Betelgeuse, one of the brightest stars in the sky, could burst into its supernova phase and become as bright as a full moon — and last for as long as a year.

    The pink arrow at the star on left labeled α indicates Betelgeuse in Orion.

    The massive star, visible in the winter sky over most of the world as a bright, reddish star, could explode as a supernova anytime within the next 100,000 years.

    Most astronomers today believe that one of the plausible reasons we have yet to detect intelligent life in the universe is due to the deadly effects of local supernova explosions that wipe out all life in a given region of a galaxy.

    The red giant Betelgeuse, once so large it would reach out to Jupiter’s orbit if placed in our own solar system, has shrunk by 15 percent over the past decade in a half, although it’s just as bright as it’s ever been.

    Betelgeuse, whose name derives from Arabic, is easily visible in the constellation Orion. It gave Michael Keaton’s character his name in the movie Beetlejuice and was the home system of Galactic President Zaphod Beeblebrox in The Hitchhiker’s Guide to the Galaxy.

    Red giant stars are thought to have short, complicated and violent lifespans. Lasting at most a few million years, they quickly burn out their hydrogen fuel and then switch to helium, carbon and other elements in a series of partial collapses, refuelings and restarts.

    Betelgeuse, which is thought to be reaching the end of its lifespan, may be experiencing one of those collapses as it switches from one element to another as nuclear-fusion fuel.

    “We do not know why the star is shrinking,” said Townes’ Berkeley colleague Edward Wishnow. “Considering all that we know about galaxies and the distant Universe, there are still lots of things we don’t know about stars, including what happens as red giants near the ends of their lives.”

    If Betelgeuse goes nova, it could offer Earth’s astronomers an up close look at how supernovae evolve and the physics that governs how they work. The problem is that it is not clear when that will happen. While stories have been circulating that the star could explode in 2012, the odds of that are actually quite small. Betelgeuse may explode tomorrow night, or it may not go nova until the year 100,000 A.D. It’s impossible to know.

    Betelgeuse is beyond the death beam distance — somewhere within 30 light years range — where it could do ultimate damage to Earth. The explosion won’t do the Earth any harm, as a star has to be relatively close — on the order of 25 light years — to do that. Betelgeuse is about 600 light years distant.

    Betelgeuse, one of the most luminous stars known and ten times the size of the Sun, is thought to be only 10 million years old. The more massive a star is the shorter its lifespan, which is why astronomers think it has an outside chance of exploding relatively soon.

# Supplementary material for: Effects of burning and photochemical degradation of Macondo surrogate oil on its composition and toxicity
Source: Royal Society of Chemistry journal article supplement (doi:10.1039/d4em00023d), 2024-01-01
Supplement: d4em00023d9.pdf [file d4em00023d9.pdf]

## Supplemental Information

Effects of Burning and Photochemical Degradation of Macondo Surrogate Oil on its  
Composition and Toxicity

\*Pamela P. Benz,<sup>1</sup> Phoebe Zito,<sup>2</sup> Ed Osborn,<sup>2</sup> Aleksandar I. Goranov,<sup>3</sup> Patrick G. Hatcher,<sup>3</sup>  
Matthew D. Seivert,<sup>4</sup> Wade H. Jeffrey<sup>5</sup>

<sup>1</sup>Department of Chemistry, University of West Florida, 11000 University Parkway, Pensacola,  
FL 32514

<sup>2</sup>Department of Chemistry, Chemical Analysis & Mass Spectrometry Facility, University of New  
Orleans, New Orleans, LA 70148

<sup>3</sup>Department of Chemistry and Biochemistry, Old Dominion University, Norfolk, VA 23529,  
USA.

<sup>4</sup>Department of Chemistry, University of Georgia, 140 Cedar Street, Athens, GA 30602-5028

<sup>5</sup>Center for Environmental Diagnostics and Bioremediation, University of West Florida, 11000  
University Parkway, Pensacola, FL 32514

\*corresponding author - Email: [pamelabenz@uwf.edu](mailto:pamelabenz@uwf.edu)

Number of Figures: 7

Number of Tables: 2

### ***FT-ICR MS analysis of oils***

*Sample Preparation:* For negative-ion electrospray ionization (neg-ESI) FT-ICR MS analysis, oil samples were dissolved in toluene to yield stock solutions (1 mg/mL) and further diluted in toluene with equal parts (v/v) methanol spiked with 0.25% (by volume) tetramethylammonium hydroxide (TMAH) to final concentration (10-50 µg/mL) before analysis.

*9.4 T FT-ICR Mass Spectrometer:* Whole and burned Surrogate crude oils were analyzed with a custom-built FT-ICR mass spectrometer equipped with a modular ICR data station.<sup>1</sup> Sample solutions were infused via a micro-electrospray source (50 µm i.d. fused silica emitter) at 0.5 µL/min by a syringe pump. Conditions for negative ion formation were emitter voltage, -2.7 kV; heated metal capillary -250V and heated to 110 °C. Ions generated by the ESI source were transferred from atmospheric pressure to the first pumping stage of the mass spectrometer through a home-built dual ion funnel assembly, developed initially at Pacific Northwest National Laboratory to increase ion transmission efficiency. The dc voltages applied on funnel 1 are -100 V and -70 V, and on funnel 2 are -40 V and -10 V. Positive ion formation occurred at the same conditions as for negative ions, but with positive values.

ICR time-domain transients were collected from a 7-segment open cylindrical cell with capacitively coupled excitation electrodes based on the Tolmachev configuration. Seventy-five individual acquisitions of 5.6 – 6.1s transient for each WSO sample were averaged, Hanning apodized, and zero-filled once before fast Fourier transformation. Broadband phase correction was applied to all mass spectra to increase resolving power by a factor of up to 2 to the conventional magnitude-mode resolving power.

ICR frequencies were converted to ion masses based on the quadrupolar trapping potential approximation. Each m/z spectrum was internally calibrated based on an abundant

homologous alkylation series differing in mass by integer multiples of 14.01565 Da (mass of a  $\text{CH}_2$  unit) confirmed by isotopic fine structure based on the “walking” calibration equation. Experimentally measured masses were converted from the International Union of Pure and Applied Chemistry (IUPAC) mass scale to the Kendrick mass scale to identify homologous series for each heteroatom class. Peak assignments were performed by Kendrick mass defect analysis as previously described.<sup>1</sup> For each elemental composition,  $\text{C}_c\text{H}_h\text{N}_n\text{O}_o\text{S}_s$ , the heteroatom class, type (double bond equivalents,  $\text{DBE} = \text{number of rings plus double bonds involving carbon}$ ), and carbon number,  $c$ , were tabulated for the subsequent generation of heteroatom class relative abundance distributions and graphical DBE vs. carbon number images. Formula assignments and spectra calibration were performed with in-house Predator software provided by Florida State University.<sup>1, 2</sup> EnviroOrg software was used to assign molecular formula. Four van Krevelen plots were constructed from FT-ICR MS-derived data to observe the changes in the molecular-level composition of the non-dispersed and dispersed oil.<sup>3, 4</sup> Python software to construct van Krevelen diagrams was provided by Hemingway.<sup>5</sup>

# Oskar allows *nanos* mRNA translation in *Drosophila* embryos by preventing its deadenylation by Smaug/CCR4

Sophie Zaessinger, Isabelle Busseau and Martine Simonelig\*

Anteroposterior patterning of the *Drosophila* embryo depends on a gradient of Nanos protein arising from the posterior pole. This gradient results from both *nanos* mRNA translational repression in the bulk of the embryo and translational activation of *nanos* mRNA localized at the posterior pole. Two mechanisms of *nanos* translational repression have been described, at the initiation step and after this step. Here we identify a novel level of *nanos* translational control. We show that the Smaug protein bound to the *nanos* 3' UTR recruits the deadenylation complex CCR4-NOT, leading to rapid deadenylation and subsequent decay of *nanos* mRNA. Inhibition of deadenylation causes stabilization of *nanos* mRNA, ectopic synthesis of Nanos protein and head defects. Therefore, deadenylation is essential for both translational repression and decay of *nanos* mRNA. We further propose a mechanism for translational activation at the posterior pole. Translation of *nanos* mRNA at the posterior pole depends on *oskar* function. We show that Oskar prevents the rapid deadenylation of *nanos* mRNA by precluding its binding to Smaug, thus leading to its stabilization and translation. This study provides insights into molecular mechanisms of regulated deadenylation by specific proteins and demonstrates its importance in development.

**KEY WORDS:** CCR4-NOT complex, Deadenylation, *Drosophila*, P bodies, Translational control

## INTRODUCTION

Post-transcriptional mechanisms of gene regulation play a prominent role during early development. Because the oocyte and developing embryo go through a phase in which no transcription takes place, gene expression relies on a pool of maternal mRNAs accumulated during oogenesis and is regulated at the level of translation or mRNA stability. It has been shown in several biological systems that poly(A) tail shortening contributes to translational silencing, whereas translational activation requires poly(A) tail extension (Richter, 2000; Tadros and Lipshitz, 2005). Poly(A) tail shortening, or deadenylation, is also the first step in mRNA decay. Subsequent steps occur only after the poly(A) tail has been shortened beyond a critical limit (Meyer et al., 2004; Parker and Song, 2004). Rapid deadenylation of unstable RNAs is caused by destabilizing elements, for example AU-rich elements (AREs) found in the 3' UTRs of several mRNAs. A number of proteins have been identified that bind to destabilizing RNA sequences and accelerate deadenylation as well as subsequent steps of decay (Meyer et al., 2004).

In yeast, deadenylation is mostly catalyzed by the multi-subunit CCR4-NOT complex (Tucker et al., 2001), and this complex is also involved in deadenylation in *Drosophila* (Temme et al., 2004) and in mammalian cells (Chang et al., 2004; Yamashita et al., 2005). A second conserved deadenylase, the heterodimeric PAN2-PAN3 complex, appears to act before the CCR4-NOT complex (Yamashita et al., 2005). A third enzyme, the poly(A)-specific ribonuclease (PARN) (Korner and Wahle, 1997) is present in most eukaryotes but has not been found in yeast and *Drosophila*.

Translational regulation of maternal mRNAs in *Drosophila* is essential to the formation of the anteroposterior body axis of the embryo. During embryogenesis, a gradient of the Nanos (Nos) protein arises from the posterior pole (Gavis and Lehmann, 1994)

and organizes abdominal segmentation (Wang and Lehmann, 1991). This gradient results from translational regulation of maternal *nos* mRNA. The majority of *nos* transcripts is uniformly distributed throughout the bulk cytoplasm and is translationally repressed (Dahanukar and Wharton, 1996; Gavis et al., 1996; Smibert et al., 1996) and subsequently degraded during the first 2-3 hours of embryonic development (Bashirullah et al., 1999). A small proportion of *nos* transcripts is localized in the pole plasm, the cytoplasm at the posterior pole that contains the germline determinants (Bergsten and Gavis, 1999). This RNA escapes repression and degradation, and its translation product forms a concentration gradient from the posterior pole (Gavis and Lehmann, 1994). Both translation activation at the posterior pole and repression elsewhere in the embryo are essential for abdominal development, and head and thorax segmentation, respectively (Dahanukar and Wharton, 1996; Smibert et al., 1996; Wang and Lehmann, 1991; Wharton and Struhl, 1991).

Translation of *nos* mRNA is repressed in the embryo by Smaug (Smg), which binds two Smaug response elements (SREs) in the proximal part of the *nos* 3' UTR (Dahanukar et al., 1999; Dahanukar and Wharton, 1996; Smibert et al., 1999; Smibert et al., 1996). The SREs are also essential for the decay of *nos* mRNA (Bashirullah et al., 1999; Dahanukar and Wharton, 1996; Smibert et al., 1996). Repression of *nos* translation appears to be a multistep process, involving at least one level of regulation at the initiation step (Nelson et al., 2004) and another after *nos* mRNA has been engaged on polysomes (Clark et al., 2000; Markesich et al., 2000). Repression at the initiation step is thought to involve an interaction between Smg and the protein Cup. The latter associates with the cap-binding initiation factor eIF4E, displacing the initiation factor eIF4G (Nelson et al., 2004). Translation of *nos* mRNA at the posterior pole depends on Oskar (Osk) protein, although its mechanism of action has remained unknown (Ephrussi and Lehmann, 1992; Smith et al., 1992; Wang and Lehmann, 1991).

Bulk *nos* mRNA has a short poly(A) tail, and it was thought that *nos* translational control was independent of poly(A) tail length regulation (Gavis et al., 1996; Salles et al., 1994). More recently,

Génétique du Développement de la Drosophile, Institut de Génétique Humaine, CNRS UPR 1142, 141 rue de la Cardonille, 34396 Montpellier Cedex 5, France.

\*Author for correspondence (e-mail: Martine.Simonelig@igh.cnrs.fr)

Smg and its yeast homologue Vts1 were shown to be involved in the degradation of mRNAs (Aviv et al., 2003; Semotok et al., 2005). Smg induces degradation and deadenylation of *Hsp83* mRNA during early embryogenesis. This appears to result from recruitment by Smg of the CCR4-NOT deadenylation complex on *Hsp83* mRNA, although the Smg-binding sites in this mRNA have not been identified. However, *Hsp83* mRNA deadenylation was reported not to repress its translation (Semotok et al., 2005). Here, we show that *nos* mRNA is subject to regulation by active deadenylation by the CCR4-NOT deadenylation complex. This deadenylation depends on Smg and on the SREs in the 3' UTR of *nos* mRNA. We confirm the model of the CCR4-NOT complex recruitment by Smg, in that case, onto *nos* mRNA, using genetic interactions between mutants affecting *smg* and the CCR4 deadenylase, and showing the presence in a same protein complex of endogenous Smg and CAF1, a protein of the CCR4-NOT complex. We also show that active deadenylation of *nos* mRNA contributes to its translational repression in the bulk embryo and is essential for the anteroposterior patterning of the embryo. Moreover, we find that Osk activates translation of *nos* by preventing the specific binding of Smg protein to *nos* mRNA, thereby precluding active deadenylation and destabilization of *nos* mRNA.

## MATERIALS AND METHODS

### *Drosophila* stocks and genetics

Late in 2009, astronomers witnessed the largest explosion ever recorded: a super giant star two hundred times bigger than the sun utterly obliterated by runaway thermonuclear reactions triggered by gamma ray-driven antimatter production. The resulting blast was visible for months because it unleashed a cloud of radioactive material over fifty times the size of our own star, giving off a nuclear fission glow visible from galaxies away.

    The super-supernova SN2007bi is an example of a pair-instability breakdown, and that’s like calling an atomic bomb a “plutonium-pressing” device. At sizes of around four megayottagrams (that’s thirty-two zeros) giant stars are supported against gravitational collapse by gamma ray pressure. The hotter the core, the higher the energy of these gamma rays — but if they get too energetic, these gamma rays can begin pair production: creating an electron-positron matter-antimatter pair out of pure energy as they pass an atom. Yes, this does mean that the entire stellar core acts as a gigantic particle accelerator.

    The antimatter annihilates with its opposite, as antimatter is wont to do, but the problem is that the speed of antimatter explosion — which is pretty damn fast — is still a critical delay in the gamma-pressure holding up the star. The outer layers sag in, compressing the core more, raising the temperature, making more energetic gamma rays even more likely to make antimatter, and suddenly the whole star is a runaway nuclear reactor beyond the scale of the imagination. The entire thermonuclear core detonates at once, an atomic warhead that’s not just bigger than the Sun — it’s bigger than the Sun plus the mass of another ten close-by stars.